Councilmember Kshama Sawant’s Response to Mayor Murray’s Resignation

Home » Councilmember Kshama Sawant’s Response to Mayor Murray’s Resignation

I join the working people and community members of Seattle who are understandably relieved at Mayor Ed Murray’s resignation. I had made clear in my July 31 Editorial that while no one should be tried in the court of public opinion, Murray had failed as an elected leader by repeatedly attacking the character of his accusers, and shifting the focus to their troubled backgrounds to suggest they cannot be trusted.

I commend all individuals and organizations – including Danni Askini of the Gender Justice League, the City of Seattle’s LGBTQ Commission and Human Rights Commission, the Survivors Network of those Abused by Priests (SNAP), and Councilmember Gonzalez – who showed courage and leadership in calling on Murray to resign. Unfortunately, the majority of the City Council failed to show any such leadership.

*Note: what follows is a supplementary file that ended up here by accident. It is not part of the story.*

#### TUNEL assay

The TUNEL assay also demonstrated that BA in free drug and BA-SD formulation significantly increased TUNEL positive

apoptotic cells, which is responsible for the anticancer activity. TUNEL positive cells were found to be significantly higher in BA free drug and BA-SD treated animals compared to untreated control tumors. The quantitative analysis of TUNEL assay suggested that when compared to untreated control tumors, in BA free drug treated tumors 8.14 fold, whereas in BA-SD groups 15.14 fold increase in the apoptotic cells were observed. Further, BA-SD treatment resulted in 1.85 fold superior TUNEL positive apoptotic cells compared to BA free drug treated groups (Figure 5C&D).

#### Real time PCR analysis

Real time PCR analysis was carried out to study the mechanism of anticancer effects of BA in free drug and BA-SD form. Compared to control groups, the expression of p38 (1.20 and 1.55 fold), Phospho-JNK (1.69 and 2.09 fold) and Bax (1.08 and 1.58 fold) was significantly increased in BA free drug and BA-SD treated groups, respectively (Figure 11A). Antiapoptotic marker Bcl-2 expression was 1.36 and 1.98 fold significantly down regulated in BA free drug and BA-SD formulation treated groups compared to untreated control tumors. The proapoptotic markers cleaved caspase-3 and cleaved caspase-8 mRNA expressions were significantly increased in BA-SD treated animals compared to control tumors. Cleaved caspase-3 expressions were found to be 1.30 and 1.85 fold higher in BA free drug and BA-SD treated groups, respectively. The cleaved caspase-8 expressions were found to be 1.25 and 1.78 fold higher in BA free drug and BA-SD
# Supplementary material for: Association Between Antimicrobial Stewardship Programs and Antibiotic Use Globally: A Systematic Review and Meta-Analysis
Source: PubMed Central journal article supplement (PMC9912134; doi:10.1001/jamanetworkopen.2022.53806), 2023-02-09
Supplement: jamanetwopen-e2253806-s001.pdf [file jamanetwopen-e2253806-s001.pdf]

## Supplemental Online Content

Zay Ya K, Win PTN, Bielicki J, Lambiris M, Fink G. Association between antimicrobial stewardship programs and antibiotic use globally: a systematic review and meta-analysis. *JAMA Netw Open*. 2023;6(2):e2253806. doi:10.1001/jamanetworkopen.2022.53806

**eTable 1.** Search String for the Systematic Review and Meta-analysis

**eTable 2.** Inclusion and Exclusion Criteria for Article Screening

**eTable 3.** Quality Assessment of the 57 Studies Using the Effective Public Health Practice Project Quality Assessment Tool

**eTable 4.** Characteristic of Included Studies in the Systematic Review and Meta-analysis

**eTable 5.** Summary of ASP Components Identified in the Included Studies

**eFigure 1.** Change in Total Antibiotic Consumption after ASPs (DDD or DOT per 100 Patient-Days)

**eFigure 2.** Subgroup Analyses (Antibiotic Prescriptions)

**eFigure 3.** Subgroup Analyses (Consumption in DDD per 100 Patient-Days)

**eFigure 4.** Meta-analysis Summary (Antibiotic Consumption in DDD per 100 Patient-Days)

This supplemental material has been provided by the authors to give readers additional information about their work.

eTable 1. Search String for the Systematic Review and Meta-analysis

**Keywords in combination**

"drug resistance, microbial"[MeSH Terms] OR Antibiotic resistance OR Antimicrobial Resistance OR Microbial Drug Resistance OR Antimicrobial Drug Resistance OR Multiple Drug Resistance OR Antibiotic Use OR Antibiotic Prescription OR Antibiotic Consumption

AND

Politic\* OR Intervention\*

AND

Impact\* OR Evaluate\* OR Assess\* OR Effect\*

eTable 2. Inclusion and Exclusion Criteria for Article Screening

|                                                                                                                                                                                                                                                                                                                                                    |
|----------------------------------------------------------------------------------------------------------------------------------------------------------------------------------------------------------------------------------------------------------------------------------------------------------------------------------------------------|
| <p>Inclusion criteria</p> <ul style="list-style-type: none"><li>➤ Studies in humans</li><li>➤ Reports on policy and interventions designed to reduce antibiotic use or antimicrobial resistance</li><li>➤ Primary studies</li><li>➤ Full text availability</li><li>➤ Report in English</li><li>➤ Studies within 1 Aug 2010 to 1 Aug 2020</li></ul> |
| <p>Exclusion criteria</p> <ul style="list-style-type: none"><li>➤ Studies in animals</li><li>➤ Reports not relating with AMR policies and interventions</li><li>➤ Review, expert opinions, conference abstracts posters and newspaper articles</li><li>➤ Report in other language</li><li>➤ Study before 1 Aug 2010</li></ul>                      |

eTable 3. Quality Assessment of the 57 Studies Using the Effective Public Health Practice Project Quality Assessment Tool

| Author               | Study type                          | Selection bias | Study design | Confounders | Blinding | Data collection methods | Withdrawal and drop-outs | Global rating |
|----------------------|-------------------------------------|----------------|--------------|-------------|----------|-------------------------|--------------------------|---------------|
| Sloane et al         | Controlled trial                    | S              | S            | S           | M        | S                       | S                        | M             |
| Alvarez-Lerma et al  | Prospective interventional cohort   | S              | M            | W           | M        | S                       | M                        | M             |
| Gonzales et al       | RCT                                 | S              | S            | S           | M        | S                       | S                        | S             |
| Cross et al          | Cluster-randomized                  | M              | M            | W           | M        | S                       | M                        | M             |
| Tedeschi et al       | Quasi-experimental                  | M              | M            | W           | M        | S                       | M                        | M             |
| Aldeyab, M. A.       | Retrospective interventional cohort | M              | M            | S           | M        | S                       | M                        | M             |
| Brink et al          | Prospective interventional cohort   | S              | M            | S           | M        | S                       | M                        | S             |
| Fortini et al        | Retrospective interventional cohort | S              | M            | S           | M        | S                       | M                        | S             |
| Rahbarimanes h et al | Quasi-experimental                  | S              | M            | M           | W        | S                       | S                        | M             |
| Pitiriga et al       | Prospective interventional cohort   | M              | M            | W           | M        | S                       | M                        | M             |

As we head into the 2018 City budget discussions, the City Council has another opportunity to stand in solidarity with sexual violence survivors. Councilmembers need to do everything in our power to support survivors and adopt social policies that can help reduce sexual assault, molestation, and rape, which tragically occur all too often in our city and society. This includes fully funding vitally needed social services, such as shelters for domestic violence survivors and programs for LGBTQ youth. But helping sexual assault survivors also includes addressing the root causes of abuse: poverty, social isolation, and the immense power disparities that plague this highly unequal and deeply oppressive capitalist society.

A business-as-usual budget that yet again favors big developers, big corporations, and a bloated police department, while falling short in funding human services, would be totally unacceptable. The people of Seattle should demand that whoever is Mayor this fall will work instead to ensure the budget itself is a moral document which reflects the real priorities and needs of the people of Seattle, especially its most vulnerable.